Jane Ahlin, Published November 03 2012
Ahlin: Measure 3 a fake solution to a nonexistent problem
and state government so unreliable that we must change the North Dakota Constitution to provide adequate protection is – in a word – laughable. Measure 3 also has the possibility of causing harm because it opens a legal can of worms and puts the state of North Dakota in the position of being unable to respond to future farming challenges.
Here is the text of the proposed change to the constitution:
“The right of farmers and ranchers to engage in modern farming and ranching practices shall be forever guaranteed in this state. No law shall be enacted which abridges the right of farmers and ranchers to employ agricultural technology, modern livestock production and ranching practices.”
What exactly are “modern” farming and ranching practices? For that matter, what are “practices”? No question those words can be parsed legally more ways than any of us wants to think about. Still, some “what ifs” point up the variety of messes this measure might cause. What happens if one farmer’s “modern practices” bump up against the “modern practices” of another? For instance, what happens if the farmer of a small family farm complains about a corporate hog operation next door?
Ah, proponents will answer, there are existing laws about corporate hog farms that won’t be affected by the amendment.
Okey-dokey, let’s assume that’s true. Now ask an obvious question: Had this constitutional amendment passed before the growth of North Dakota factory farms in the mid to late 1990s, would state government or local zoning authorities have been able to deal with the many concerns (and very real problems) those farms presented – farms much different from anything North Dakota had seen before? Surely 20,000 animals confined to a small area would have qualified under “modern” agricultural “practices” back then. Would that have kept state and local authorities from timely action to solve the problems?
That brings us to an important point: How are we to anticipate serious problems that might be inherent in new kinds of farming when we have no idea what those new “modern practices” might be or how they might affect the lives of future North Dakotans? What unanticipated trouble and expense for state and local governments will be caused when those authorities are hamstrung by a vaguely written constitutional amendment?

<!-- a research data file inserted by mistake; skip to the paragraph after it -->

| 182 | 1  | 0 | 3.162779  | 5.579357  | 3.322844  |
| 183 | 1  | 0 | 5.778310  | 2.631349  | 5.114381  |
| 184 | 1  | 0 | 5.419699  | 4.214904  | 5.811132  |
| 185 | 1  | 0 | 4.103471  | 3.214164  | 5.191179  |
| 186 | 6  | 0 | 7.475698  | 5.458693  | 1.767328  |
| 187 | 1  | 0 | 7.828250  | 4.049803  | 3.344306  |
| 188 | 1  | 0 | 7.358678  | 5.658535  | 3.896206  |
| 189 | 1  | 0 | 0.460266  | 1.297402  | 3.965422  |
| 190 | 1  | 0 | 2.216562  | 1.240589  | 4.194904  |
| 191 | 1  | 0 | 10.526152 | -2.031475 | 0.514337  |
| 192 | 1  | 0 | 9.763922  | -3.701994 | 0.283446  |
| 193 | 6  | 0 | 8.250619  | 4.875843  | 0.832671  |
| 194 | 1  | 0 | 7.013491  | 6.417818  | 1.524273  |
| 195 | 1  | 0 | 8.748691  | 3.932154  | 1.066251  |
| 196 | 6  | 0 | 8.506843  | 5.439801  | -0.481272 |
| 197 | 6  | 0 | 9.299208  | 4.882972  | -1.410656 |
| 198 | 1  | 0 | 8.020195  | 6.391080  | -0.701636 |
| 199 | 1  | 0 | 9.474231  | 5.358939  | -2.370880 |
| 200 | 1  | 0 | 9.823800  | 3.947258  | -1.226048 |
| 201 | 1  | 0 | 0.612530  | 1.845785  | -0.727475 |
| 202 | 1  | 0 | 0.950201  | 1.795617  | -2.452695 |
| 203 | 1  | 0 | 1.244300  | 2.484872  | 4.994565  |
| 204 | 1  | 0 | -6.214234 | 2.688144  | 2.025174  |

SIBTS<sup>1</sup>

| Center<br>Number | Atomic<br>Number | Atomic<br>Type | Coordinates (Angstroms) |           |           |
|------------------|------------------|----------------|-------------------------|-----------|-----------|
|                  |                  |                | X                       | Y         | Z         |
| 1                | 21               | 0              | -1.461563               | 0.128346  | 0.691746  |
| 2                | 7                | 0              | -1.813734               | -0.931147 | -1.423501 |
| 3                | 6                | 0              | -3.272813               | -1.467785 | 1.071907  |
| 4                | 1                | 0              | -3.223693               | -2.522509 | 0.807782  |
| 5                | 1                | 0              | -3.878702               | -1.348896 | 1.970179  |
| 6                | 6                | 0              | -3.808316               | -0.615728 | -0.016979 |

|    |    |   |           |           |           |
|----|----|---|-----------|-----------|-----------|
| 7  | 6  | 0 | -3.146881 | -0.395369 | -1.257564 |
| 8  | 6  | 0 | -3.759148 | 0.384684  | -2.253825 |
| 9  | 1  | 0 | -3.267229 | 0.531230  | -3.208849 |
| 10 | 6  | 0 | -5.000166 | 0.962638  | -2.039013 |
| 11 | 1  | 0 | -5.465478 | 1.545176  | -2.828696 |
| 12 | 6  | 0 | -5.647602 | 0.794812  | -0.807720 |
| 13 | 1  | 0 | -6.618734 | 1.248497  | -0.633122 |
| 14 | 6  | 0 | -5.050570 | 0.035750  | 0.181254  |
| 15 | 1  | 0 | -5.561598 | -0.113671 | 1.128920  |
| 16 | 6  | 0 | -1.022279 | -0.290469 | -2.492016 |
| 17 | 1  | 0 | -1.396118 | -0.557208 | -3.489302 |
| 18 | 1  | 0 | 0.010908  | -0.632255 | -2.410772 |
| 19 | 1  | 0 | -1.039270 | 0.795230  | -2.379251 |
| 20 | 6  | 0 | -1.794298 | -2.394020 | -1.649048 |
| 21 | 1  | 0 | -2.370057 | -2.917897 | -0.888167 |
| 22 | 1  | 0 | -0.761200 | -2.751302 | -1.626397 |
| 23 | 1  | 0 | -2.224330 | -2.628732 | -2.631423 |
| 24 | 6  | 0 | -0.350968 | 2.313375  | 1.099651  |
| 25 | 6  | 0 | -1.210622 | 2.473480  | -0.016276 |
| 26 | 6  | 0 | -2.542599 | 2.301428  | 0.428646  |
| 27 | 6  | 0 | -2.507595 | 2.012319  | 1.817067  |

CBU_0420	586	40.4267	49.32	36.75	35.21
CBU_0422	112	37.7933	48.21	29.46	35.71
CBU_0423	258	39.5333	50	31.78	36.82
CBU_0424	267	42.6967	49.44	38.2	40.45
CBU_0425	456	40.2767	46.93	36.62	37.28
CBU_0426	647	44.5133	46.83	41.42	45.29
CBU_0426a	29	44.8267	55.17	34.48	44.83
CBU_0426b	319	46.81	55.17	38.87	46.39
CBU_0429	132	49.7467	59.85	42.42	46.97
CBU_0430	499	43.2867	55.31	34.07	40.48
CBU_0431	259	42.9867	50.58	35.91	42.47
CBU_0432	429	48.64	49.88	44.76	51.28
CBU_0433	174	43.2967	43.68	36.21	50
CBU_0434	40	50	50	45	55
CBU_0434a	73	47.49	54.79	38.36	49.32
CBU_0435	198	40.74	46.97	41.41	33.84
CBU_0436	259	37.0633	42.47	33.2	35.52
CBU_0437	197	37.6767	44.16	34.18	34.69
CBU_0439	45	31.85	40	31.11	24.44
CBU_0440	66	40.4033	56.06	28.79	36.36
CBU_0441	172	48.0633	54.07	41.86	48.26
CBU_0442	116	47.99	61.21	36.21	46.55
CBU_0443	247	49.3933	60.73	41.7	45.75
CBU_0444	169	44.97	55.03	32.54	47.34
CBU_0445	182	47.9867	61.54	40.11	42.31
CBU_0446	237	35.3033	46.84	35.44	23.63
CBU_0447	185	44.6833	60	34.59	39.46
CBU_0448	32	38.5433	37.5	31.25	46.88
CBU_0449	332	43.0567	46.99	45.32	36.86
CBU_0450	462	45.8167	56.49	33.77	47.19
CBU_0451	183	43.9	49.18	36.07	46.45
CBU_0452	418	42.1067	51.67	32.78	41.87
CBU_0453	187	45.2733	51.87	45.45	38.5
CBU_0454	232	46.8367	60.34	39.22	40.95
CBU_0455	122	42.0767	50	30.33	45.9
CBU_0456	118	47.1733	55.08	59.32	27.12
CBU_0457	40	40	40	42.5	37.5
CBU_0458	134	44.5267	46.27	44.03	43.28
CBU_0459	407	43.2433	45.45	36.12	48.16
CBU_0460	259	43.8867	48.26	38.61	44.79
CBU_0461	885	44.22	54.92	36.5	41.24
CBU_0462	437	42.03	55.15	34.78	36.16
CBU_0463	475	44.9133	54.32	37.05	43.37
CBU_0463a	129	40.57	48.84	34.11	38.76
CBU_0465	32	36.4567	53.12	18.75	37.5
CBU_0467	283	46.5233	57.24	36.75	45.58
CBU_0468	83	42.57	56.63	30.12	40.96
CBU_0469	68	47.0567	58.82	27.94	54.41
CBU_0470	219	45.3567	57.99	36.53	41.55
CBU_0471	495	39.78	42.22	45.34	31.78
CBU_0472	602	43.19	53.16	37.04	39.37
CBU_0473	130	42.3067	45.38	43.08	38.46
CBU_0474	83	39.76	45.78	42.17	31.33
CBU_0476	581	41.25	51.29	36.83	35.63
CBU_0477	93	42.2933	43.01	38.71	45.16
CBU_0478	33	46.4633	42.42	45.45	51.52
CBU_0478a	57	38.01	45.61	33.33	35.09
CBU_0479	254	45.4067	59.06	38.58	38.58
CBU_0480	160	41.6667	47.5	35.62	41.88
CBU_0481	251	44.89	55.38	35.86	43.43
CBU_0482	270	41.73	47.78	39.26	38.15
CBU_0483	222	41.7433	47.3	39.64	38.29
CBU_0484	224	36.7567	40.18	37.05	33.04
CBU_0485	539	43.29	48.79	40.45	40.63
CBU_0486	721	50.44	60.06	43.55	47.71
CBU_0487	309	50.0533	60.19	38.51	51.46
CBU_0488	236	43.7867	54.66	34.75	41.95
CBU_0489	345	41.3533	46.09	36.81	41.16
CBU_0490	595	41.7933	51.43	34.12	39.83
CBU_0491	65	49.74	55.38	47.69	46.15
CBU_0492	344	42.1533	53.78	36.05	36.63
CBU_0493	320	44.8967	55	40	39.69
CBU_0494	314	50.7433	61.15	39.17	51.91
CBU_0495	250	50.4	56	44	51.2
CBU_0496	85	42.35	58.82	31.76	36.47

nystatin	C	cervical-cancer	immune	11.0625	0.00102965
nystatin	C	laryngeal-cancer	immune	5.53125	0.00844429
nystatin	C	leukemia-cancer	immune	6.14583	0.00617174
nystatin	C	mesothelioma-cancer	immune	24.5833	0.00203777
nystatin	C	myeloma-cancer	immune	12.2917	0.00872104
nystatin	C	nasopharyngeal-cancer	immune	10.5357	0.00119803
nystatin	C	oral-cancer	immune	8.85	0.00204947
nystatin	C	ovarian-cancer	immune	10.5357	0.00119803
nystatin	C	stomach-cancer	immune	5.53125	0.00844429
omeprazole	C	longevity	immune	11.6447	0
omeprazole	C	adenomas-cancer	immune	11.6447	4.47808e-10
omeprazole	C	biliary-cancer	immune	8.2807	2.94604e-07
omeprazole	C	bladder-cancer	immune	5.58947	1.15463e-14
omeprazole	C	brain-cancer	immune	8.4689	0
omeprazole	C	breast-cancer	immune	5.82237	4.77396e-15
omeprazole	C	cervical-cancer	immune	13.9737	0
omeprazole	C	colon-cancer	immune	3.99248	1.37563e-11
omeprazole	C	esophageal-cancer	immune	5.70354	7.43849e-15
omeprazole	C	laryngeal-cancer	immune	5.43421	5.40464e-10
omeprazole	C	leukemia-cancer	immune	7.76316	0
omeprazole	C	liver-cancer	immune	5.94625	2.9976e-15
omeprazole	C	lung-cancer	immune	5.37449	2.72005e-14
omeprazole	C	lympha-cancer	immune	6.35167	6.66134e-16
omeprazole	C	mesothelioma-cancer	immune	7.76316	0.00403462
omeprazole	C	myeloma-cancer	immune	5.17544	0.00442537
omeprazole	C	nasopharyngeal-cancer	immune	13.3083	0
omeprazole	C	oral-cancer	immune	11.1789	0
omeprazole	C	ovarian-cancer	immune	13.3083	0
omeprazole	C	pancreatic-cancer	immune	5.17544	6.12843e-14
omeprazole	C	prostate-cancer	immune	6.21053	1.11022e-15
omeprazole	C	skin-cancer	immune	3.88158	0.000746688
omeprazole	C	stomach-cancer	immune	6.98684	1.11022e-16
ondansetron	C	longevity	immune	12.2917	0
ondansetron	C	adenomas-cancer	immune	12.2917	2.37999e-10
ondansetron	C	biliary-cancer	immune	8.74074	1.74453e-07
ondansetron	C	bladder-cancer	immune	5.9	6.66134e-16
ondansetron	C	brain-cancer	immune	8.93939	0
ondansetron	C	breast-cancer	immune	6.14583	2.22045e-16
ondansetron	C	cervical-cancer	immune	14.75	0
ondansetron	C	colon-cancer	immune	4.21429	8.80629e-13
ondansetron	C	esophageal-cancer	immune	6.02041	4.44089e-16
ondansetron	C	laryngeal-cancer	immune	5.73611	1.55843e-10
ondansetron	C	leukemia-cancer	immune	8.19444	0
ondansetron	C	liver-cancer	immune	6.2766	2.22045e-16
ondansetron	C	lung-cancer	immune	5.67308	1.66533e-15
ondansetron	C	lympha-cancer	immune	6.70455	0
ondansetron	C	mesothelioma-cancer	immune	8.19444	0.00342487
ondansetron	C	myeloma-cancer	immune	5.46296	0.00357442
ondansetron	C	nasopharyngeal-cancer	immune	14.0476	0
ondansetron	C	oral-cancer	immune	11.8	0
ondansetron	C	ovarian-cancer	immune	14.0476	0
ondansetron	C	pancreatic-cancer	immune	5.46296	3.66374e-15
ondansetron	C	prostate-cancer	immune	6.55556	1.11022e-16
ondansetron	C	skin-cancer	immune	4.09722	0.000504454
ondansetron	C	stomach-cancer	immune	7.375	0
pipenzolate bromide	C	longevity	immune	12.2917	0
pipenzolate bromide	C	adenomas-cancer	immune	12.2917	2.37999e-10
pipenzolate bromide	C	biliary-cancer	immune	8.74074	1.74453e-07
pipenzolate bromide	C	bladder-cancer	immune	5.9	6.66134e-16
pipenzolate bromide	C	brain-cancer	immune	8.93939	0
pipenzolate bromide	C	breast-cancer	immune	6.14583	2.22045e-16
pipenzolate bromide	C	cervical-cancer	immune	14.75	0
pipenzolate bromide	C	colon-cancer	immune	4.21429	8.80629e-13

In an article by Mikkel Pates for Agweek, a proponent of the measure by the name of Rachel Bina was quoted as saying, “It’s an opportunity to establish in our constitution that we’re a pro-ag state.” (Does anybody really think North Dakota is not a “pro-ag state”?) Then she got to her real point, which was the fear that North Dakota could go the way of California (where she lived for a time), particularly in the regulation of genetically engineered crops and land maintenance. Her words were that “we need to be prepared for influences that may be from out of the country or from people from completely different ideological lifestyles.”
If that is the intent of the amendment (and I think it’s fair to say it is), then why not write that amendment? Why not write an amendment that gives special status to genetically modified crops or exempts landowners from future ecological regulation? People who sign the petition would understand what they were signing, voters would understand what they were voting on, and there would be no room for legal quibbling afterward. As it is now, Measure 3 is likely to bring federal control when state and local laws can’t overrule the constitution.
North Dakotans feel natural affection for farmers and ranchers, who always have been the lifeblood of our economy. We also love common sense. With plenty of “pro-ag” laws on the books, we do not need a vague constitutional amendment. Vote “no” on Measure 3.
Ahlin writes a Sunday column for The Forum.